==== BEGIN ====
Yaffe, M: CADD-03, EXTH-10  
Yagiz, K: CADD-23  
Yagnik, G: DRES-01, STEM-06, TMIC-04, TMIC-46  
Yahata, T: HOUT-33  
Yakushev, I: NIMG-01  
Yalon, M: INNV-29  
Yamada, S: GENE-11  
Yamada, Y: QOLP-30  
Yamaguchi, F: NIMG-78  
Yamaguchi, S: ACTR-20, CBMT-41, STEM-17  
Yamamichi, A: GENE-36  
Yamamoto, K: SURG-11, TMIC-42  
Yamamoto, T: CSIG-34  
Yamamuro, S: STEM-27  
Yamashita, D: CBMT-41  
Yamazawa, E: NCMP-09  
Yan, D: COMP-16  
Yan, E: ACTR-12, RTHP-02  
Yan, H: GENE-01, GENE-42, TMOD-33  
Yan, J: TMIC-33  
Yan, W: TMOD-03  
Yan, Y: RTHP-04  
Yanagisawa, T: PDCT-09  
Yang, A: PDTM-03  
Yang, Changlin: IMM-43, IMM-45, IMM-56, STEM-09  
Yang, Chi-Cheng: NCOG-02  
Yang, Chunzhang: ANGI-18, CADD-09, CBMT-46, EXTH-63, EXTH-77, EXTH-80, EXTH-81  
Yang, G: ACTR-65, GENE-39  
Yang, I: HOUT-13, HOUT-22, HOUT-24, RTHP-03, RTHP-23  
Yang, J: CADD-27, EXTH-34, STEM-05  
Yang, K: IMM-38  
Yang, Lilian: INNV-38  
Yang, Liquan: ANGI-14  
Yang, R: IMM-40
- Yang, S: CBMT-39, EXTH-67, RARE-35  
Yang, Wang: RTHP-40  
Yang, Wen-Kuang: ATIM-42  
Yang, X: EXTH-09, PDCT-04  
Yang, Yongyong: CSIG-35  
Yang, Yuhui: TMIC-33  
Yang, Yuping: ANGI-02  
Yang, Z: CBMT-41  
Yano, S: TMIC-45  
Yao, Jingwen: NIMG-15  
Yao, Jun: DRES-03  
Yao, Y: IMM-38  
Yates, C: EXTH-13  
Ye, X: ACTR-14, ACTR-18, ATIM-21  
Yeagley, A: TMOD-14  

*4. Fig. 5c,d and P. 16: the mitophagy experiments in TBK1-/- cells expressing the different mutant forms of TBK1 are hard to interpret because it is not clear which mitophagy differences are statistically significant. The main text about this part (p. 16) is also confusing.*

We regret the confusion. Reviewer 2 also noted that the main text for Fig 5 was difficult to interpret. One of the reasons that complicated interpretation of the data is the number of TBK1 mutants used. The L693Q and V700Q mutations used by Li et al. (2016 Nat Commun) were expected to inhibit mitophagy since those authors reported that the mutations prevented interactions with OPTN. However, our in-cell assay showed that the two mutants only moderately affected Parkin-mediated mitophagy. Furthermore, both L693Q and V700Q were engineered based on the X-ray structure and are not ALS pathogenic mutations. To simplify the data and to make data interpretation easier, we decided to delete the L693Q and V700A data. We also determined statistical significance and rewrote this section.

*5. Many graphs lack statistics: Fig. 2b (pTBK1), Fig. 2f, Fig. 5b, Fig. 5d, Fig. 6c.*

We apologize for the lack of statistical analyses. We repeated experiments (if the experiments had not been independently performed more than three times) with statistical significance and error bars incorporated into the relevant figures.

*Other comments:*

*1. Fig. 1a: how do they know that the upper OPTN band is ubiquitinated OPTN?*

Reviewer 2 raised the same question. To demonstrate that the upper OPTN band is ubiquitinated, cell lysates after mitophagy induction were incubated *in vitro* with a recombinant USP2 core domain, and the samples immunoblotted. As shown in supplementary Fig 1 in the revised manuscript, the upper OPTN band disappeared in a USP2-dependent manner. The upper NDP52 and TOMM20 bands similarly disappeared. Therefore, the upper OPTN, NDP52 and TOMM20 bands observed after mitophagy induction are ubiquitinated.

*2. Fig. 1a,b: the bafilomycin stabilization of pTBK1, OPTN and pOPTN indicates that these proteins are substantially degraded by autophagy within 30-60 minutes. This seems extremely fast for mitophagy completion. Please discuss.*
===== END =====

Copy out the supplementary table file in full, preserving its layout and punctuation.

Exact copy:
Yaffe, M: CADD-03, EXTH-10  
Yagiz, K: CADD-23  
Yagnik, G: DRES-01, STEM-06, TMIC-04, TMIC-46  
Yahata, T: HOUT-33  
Yakushev, I: NIMG-01  
Yalon, M: INNV-29  
Yamada, S: GENE-11  
Yamada, Y: QOLP-30  
Yamaguchi, F: NIMG-78  
Yamaguchi, S: ACTR-20, CBMT-41, STEM-17  
Yamamichi, A: GENE-36  
Yamamoto, K: SURG-11, TMIC-42  
Yamamoto, T: CSIG-34  
Yamamuro, S: STEM-27  
Yamashita, D: CBMT-41  
Yamazawa, E: NCMP-09  
Yan, D: COMP-16  
Yan, E: ACTR-12, RTHP-02  
Yan, H: GENE-01, GENE-42, TMOD-33  
Yan, J: TMIC-33  
Yan, W: TMOD-03  
Yan, Y: RTHP-04  
Yanagisawa, T: PDCT-09  
Yang, A: PDTM-03  
Yang, Changlin: IMM-43, IMM-45, IMM-56, STEM-09  
Yang, Chi-Cheng: NCOG-02  
Yang, Chunzhang: ANGI-18, CADD-09, CBMT-46, EXTH-63, EXTH-77, EXTH-80, EXTH-81  
Yang, G: ACTR-65, GENE-39  
Yang, I: HOUT-13, HOUT-22, HOUT-24, RTHP-03, RTHP-23  
Yang, J: CADD-27, EXTH-34, STEM-05  
Yang, K: IMM-38  
Yang, Lilian: INNV-38  
Yang, Liquan: ANGI-14  
Yang, R: IMM-40
- Yang, S: CBMT-39, EXTH-67, RARE-35  
Yang, Wang: RTHP-40  
Yang, Wen-Kuang: ATIM-42  
Yang, X: EXTH-09, PDCT-04  
Yang, Yongyong: CSIG-35  
Yang, Yuhui: TMIC-33  
Yang, Yuping: ANGI-02  
Yang, Z: CBMT-41  
Yano, S: TMIC-45  
Yao, Jingwen: NIMG-15  
Yao, Jun: DRES-03  
Yao, Y: IMM-38  
Yates, C: EXTH-13  
Ye, X: ACTR-14, ACTR-18, ATIM-21  
Yeagley, A: TMOD-14  

*4. Fig. 5c,d and P. 16: the mitophagy experiments in TBK1-/- cells expressing the different mutant forms of TBK1 are hard to interpret because it is not clear which mitophagy differences are statistically significant. The main text about this part (p. 16) is also confusing.*

We regret the confusion. Reviewer 2 also noted that the main text for Fig 5 was difficult to interpret. One of the reasons that complicated interpretation of the data is the number of TBK1 mutants used. The L693Q and V700Q mutations used by Li et al. (2016 Nat Commun) were expected to inhibit mitophagy since those authors reported that the mutations prevented interactions with OPTN. However, our in-cell assay showed that the two mutants only moderately affected Parkin-mediated mitophagy. Furthermore, both L693Q and V700Q were engineered based on the X-ray structure and are not ALS pathogenic mutations. To simplify the data and to make data interpretation easier, we decided to delete the L693Q and V700A data. We also determined statistical significance and rewrote this section.

*5. Many graphs lack statistics: Fig. 2b (pTBK1), Fig. 2f, Fig. 5b, Fig. 5d, Fig. 6c.*

We apologize for the lack of statistical analyses. We repeated experiments (if the experiments had not been independently performed more than three times) with statistical significance and error bars incorporated into the relevant figures.

*Other comments:*

*1. Fig. 1a: how do they know that the upper OPTN band is ubiquitinated OPTN?*

Reviewer 2 raised the same question. To demonstrate that the upper OPTN band is ubiquitinated, cell lysates after mitophagy induction were incubated *in vitro* with a recombinant USP2 core domain, and the samples immunoblotted. As shown in supplementary Fig 1 in the revised manuscript, the upper OPTN band disappeared in a USP2-dependent manner. The upper NDP52 and TOMM20 bands similarly disappeared. Therefore, the upper OPTN, NDP52 and TOMM20 bands observed after mitophagy induction are ubiquitinated.

*2. Fig. 1a,b: the bafilomycin stabilization of pTBK1, OPTN and pOPTN indicates that these proteins are substantially degraded by autophagy within 30-60 minutes. This seems extremely fast for mitophagy completion. Please discuss.*